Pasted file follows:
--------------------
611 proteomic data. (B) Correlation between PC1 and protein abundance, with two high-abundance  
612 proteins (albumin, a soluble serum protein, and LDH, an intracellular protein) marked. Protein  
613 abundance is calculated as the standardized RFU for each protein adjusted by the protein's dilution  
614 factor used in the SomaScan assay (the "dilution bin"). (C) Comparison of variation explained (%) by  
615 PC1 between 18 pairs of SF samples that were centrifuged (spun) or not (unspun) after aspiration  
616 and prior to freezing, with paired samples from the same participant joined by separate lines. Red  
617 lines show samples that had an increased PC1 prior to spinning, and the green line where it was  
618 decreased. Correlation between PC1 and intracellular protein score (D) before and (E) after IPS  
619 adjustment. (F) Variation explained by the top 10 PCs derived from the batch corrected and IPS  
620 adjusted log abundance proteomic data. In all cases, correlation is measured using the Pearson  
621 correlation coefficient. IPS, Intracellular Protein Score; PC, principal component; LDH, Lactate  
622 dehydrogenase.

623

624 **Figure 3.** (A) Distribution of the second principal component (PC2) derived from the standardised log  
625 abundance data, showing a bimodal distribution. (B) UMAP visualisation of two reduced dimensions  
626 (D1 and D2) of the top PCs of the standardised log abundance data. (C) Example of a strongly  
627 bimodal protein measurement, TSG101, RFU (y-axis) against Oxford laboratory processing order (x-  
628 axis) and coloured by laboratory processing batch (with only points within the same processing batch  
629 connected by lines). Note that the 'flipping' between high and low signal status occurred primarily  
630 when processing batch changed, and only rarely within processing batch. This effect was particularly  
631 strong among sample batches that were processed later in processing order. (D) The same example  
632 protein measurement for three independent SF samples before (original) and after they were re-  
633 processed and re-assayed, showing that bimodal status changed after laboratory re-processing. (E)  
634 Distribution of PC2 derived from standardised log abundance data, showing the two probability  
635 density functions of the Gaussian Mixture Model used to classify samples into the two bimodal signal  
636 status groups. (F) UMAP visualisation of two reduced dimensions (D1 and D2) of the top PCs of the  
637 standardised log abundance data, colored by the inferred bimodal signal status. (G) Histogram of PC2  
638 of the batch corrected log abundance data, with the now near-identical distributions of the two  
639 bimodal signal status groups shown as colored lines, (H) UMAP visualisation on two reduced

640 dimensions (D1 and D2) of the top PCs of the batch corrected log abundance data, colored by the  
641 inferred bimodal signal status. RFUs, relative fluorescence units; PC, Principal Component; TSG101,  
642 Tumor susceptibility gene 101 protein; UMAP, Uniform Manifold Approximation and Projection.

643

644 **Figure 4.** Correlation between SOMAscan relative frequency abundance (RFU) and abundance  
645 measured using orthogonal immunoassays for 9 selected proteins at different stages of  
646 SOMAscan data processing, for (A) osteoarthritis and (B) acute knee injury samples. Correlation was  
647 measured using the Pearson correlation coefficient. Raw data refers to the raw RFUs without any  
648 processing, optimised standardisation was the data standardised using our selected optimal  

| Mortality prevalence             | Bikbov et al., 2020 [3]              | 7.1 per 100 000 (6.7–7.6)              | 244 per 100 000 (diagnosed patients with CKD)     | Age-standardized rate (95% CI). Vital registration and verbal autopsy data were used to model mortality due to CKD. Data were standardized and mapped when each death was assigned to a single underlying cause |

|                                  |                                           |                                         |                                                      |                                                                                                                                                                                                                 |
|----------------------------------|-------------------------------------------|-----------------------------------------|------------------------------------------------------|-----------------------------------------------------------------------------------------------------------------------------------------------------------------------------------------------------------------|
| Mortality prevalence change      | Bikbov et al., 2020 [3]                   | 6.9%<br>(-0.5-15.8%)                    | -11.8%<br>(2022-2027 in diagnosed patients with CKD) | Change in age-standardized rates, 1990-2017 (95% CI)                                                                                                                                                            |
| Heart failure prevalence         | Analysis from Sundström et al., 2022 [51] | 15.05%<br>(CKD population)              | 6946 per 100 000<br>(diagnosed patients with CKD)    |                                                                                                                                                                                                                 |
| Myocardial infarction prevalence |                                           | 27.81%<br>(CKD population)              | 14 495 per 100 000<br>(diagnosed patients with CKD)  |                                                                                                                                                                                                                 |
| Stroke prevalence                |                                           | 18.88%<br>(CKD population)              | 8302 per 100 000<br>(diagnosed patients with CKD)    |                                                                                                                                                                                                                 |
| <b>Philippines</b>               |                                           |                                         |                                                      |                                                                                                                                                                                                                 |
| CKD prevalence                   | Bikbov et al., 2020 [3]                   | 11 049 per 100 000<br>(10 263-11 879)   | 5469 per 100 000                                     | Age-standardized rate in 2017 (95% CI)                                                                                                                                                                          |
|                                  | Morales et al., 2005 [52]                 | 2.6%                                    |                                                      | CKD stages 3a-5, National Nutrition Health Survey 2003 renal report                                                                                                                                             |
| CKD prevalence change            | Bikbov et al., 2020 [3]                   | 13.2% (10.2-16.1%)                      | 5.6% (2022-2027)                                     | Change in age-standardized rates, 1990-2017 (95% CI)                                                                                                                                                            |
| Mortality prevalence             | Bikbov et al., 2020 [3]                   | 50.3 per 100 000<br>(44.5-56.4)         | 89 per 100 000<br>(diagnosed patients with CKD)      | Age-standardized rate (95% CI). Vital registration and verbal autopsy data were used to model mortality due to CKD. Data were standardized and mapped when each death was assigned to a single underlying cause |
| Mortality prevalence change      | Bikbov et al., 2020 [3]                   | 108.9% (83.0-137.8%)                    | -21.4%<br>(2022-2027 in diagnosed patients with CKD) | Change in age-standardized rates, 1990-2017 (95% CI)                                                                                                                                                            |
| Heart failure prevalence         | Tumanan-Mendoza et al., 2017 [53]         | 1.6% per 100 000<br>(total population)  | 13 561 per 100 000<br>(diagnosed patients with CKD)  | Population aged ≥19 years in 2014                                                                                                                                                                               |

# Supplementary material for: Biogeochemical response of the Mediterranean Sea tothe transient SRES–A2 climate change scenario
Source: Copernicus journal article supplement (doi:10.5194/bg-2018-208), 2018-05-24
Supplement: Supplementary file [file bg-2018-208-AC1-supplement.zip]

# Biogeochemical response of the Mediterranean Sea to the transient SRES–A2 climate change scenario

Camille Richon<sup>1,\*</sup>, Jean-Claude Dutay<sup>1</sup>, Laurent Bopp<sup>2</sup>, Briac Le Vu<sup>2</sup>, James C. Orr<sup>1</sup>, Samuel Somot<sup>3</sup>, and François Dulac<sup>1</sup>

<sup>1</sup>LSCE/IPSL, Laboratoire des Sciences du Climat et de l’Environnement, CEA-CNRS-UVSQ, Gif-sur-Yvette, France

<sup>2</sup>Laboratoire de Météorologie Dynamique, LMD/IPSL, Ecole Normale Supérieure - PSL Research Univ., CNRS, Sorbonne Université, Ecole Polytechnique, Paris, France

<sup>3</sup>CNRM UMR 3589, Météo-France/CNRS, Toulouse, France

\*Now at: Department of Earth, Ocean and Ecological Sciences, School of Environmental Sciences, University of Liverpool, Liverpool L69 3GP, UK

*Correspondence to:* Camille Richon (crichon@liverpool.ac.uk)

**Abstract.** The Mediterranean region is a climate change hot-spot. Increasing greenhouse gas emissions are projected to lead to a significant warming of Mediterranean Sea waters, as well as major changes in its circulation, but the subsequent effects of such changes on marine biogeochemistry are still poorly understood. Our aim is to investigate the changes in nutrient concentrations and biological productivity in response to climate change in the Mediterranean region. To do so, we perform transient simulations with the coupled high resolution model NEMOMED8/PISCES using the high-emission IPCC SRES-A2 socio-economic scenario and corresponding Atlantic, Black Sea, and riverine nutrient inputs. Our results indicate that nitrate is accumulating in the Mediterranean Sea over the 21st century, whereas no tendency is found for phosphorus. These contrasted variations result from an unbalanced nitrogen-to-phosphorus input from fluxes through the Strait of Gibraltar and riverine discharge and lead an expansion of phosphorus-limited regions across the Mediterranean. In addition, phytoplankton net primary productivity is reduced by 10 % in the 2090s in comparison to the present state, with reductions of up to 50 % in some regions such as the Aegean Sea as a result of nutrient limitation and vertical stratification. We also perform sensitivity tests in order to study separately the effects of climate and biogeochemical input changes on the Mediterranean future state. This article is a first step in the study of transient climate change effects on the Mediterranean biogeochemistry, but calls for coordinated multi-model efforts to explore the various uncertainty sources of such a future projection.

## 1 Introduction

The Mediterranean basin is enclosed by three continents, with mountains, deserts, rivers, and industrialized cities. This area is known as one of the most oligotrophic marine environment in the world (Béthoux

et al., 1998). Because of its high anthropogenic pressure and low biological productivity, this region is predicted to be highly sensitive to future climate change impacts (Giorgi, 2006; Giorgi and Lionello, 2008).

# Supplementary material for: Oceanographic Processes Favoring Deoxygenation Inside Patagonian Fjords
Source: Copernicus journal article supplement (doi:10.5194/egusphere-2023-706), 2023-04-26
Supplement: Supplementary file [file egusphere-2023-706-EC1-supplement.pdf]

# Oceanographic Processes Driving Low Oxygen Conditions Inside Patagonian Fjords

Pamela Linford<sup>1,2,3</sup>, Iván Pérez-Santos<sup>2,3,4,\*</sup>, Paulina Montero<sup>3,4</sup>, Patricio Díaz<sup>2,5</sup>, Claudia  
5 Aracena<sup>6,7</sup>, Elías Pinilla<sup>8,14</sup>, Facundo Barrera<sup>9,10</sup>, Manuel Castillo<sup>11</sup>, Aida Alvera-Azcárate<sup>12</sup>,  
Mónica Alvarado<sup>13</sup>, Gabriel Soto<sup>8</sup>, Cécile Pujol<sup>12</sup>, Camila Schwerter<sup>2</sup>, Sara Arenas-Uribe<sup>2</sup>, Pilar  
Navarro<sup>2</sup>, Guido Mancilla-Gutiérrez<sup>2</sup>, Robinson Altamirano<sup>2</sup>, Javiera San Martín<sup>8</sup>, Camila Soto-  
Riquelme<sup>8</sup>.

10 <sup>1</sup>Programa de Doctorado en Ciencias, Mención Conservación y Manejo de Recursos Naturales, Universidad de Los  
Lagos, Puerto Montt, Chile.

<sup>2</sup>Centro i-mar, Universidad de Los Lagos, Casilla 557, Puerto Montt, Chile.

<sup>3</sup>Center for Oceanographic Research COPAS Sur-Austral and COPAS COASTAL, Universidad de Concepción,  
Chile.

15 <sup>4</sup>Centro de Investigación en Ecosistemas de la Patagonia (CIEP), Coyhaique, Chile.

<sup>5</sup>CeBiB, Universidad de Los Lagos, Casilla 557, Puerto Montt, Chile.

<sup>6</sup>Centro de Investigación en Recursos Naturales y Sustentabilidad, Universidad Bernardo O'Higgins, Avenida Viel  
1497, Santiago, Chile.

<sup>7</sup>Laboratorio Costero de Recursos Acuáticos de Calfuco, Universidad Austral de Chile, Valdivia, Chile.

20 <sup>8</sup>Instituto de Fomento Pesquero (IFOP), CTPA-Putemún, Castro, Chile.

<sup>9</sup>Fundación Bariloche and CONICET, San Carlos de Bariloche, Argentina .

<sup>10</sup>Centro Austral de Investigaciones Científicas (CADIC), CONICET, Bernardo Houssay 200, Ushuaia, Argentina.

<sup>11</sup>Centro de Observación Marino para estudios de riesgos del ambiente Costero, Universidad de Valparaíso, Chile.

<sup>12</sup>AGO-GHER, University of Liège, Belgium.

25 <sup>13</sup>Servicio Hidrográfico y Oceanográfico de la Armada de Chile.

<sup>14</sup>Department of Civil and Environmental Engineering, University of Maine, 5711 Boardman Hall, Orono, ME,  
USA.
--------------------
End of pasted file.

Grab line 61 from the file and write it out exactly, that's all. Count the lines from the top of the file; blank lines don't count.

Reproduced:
\*Now at: Department of Earth, Ocean and Ecological Sciences, School of Environmental Sciences, University of Liverpool, Liverpool L69 3GP, UK